“No, Meghan,” I snap irritably. “Not now. Go away and leave me alone. And take your library with you.”

That does it; she leaves. She makes no further attempt to bother me. I can finish the test easily now without interference. No one trying to climb onto my lap; no extra fingers helping me type.

I see her standing quietly with her back against the sofa, tears running down her cheeks. She has two fingers of her right hand in her mouth. She holds the tragic Dumpty in her left. She watches me type and slowly brushes the tip of Dumpty’s anemic arm across her nose for comfort.

PQ

At this moment, only for a moment, I see things as God must—in perspective, with all the pieces fitting. I see a little girl cry because I haven’t time for her. Imagine ever being that important to another human being! I see the day when it won’t mean so much to a tiny soul to have me sit next to her and read a story, one that means little to either of us, realizing somehow that it is the sitting next to each other that means everything. And I see the day when the frail, loyal, and lovable Dumpty will vanish from the life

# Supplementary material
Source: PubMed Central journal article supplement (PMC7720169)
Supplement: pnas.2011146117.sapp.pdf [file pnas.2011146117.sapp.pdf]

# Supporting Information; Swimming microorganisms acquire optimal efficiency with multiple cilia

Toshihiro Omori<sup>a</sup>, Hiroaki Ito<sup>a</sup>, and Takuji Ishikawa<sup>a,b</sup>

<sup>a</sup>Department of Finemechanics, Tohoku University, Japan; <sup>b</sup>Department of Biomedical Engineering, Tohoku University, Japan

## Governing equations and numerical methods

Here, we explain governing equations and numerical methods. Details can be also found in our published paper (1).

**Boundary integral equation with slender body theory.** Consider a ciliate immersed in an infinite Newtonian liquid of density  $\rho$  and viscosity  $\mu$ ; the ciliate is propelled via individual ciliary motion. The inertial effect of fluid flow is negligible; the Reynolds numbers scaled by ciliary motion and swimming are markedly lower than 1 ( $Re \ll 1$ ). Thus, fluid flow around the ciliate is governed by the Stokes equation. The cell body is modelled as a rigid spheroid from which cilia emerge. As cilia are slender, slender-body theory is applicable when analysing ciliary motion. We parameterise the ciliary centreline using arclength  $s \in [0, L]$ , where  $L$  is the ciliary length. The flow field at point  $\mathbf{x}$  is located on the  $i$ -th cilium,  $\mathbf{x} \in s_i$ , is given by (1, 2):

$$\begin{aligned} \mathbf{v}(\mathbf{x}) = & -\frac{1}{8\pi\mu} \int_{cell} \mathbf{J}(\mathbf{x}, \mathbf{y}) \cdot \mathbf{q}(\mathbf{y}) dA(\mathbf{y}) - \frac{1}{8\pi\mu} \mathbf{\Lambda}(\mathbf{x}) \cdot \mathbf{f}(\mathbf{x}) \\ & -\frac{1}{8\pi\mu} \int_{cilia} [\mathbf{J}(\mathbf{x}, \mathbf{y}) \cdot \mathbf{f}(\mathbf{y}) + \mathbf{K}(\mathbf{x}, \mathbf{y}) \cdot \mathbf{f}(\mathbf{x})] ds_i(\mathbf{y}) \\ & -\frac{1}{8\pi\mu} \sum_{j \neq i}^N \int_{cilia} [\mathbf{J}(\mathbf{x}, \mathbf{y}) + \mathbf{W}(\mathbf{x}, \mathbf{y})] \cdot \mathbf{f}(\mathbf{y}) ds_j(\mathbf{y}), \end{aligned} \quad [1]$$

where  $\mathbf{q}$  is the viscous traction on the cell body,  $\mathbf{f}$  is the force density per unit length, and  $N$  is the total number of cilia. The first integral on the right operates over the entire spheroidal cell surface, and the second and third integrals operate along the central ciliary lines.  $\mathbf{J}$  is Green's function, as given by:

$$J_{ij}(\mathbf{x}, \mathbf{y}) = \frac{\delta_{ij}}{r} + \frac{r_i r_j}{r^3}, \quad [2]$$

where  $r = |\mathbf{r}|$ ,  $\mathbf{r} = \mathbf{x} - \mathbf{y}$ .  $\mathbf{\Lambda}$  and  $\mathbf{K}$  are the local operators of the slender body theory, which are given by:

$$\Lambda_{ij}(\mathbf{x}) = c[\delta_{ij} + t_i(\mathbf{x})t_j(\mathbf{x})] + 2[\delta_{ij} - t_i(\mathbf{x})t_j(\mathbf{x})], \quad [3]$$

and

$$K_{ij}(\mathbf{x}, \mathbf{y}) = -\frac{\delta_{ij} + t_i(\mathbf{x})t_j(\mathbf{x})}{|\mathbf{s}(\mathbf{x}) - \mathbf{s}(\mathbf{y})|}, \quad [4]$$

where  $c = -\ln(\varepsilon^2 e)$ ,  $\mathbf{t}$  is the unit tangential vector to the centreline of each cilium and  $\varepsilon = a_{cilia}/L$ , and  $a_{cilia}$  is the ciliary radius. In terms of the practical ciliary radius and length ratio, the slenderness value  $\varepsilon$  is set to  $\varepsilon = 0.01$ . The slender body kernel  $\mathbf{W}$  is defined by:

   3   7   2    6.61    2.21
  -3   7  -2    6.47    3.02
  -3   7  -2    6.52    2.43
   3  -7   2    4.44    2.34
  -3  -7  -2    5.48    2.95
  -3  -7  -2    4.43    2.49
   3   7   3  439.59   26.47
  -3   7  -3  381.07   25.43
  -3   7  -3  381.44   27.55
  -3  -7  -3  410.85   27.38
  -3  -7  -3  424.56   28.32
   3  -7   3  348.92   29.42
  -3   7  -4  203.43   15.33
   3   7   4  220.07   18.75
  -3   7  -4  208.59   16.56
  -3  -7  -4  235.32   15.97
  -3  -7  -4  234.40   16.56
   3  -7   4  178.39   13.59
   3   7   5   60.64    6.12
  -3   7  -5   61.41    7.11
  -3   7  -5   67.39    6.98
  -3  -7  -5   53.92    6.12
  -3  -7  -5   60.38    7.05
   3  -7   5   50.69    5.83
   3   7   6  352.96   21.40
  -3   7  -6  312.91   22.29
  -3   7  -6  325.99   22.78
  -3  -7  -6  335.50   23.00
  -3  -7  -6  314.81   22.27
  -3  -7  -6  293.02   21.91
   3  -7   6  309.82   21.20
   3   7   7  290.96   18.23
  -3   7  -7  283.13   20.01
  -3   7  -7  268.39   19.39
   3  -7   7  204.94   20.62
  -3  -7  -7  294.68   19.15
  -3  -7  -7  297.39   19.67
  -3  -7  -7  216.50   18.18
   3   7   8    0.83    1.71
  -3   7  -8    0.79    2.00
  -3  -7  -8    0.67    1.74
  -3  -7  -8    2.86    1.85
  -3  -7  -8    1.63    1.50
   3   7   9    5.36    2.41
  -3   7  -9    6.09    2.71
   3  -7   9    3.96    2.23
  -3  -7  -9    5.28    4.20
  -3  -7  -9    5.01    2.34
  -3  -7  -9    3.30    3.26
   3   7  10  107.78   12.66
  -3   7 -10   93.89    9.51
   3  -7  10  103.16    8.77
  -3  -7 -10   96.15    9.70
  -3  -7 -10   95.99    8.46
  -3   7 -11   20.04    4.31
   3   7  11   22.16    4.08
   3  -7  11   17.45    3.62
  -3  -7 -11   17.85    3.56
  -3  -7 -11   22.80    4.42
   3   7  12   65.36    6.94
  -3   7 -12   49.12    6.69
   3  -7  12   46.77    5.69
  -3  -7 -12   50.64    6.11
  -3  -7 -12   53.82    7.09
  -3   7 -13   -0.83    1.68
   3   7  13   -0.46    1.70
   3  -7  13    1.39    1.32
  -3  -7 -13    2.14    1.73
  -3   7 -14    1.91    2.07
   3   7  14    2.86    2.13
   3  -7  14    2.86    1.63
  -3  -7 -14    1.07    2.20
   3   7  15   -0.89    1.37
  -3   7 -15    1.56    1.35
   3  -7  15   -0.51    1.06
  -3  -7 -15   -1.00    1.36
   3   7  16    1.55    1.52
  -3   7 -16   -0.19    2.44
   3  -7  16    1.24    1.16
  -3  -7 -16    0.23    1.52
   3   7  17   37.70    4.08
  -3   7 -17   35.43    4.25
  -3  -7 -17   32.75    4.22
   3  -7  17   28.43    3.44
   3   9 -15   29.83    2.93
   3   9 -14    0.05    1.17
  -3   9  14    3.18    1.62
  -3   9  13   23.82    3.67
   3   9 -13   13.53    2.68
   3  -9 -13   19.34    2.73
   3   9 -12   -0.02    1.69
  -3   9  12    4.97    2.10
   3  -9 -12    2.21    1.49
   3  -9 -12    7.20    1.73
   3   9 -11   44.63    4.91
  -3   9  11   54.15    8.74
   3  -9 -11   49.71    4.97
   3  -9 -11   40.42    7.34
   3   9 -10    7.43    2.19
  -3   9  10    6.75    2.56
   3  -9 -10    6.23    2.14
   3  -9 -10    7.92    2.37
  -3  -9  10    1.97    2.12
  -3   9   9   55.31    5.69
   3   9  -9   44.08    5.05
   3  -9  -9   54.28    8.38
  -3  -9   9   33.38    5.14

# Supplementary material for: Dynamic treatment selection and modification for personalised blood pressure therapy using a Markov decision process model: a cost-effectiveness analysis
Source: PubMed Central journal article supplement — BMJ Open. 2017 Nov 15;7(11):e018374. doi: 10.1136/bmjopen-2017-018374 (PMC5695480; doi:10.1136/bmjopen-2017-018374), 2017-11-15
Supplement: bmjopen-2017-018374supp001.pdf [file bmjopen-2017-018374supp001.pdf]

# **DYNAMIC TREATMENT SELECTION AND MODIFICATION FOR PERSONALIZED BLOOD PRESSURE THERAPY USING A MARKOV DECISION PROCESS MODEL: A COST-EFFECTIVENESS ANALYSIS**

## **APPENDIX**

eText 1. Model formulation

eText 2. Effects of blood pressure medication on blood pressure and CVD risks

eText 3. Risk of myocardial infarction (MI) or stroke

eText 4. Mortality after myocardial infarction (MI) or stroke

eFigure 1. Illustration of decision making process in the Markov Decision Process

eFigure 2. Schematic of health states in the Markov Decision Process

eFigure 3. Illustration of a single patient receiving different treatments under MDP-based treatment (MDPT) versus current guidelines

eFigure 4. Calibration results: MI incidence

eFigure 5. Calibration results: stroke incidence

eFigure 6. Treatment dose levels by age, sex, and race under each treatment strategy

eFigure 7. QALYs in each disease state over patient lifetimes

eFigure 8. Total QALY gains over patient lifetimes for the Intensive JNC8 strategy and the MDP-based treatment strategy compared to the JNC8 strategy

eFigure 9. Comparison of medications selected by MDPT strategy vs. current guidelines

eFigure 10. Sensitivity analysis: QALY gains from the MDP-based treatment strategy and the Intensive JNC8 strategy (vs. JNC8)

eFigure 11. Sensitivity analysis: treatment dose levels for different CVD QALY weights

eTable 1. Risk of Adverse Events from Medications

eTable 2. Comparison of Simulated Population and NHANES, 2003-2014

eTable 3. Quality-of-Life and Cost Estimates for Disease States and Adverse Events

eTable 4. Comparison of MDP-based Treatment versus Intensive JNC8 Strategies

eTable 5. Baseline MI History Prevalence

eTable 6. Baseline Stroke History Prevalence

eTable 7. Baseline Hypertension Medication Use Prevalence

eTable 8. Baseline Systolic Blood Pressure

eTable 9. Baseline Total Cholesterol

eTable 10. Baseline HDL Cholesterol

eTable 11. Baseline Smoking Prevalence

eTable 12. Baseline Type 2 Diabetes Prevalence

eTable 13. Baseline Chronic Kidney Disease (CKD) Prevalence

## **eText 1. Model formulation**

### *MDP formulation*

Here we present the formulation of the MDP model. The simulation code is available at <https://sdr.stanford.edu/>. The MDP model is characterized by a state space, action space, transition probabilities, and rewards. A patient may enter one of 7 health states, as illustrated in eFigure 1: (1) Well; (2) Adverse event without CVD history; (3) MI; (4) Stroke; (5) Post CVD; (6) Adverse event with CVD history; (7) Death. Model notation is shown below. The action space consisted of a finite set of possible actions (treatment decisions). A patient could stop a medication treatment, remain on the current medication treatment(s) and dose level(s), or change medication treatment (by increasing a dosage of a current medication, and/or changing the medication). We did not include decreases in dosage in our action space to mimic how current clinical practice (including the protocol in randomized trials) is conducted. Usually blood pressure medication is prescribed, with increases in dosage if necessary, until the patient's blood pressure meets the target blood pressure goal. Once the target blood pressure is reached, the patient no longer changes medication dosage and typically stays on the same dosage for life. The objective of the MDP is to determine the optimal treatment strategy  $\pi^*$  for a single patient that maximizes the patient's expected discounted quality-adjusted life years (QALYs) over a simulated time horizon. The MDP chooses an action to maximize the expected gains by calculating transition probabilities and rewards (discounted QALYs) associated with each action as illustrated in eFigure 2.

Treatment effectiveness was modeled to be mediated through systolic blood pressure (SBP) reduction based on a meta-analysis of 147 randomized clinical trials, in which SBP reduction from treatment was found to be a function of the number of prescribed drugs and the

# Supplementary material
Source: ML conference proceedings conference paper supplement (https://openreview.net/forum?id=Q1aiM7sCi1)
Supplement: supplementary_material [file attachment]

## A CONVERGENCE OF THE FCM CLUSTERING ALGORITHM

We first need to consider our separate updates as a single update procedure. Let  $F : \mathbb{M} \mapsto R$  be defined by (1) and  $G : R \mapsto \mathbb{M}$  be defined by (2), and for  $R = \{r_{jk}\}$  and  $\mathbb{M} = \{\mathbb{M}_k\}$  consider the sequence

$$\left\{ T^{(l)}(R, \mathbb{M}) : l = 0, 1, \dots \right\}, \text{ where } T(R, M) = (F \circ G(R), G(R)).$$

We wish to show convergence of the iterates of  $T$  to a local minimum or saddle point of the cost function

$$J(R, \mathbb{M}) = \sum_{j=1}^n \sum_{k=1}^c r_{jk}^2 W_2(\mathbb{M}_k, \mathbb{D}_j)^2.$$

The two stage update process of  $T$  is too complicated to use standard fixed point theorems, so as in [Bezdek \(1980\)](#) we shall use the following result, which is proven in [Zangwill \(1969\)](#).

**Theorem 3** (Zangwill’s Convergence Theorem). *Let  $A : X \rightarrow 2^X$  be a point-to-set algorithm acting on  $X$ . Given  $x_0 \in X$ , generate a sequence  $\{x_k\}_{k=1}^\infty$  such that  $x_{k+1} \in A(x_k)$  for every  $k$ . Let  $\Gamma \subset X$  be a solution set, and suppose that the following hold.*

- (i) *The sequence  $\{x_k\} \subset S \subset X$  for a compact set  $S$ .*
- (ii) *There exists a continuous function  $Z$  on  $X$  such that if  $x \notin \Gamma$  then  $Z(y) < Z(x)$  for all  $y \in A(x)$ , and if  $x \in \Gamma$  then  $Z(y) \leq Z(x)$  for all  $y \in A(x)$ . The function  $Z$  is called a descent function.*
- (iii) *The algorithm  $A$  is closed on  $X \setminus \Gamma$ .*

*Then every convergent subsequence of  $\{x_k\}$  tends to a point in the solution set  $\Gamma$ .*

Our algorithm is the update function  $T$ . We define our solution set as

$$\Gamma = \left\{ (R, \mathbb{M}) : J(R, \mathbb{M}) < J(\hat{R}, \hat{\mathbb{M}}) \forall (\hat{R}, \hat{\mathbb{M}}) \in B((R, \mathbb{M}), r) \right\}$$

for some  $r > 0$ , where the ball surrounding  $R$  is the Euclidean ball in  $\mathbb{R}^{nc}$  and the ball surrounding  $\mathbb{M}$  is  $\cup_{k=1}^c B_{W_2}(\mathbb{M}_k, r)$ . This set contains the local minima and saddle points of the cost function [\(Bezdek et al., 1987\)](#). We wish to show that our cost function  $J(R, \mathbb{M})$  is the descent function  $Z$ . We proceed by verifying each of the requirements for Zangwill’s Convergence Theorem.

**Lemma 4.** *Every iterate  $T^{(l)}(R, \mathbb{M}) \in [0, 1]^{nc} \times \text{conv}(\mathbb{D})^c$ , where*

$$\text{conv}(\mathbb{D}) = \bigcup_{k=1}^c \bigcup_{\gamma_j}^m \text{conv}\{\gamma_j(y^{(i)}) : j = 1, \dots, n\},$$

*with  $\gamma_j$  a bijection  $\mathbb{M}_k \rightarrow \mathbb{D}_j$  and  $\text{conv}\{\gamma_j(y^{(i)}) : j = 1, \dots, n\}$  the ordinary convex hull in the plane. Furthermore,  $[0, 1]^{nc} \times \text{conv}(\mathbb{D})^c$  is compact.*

of a little girl who has outgrown him.

I resent Dumpty for an instant. He’s consoling my girl, and that is my job. She and I have few enough days like this to share. So the paper slips gently into the top drawer; the hood slides over the typewriter. The test will get done somehow. Tests always get done.

“Meghan, I feel like taking a walk down to the park. I was wondering if you and Edward would care to join me. I thought you might like to go on the swings for a while. Bring Dumpty—and your red sweater too. It might be windy down there.”

At the word park, the fingers leave the mouth. She laughs excitedly and begins the frantic search for her socks.

Melville will have to wait, but he won’t mind. He waited most of his life for someone to discover the miracle of Moby-Dick—and died 30 years before anyone did. No, he won’t mind.

Besides, he’d understand why I must go right now—while bib-bibs still spark wonder and before dandelions become weeds and while a little girl thinks that a leaf from her father is a gift beyond measure.

Originally Published in Reader's Digest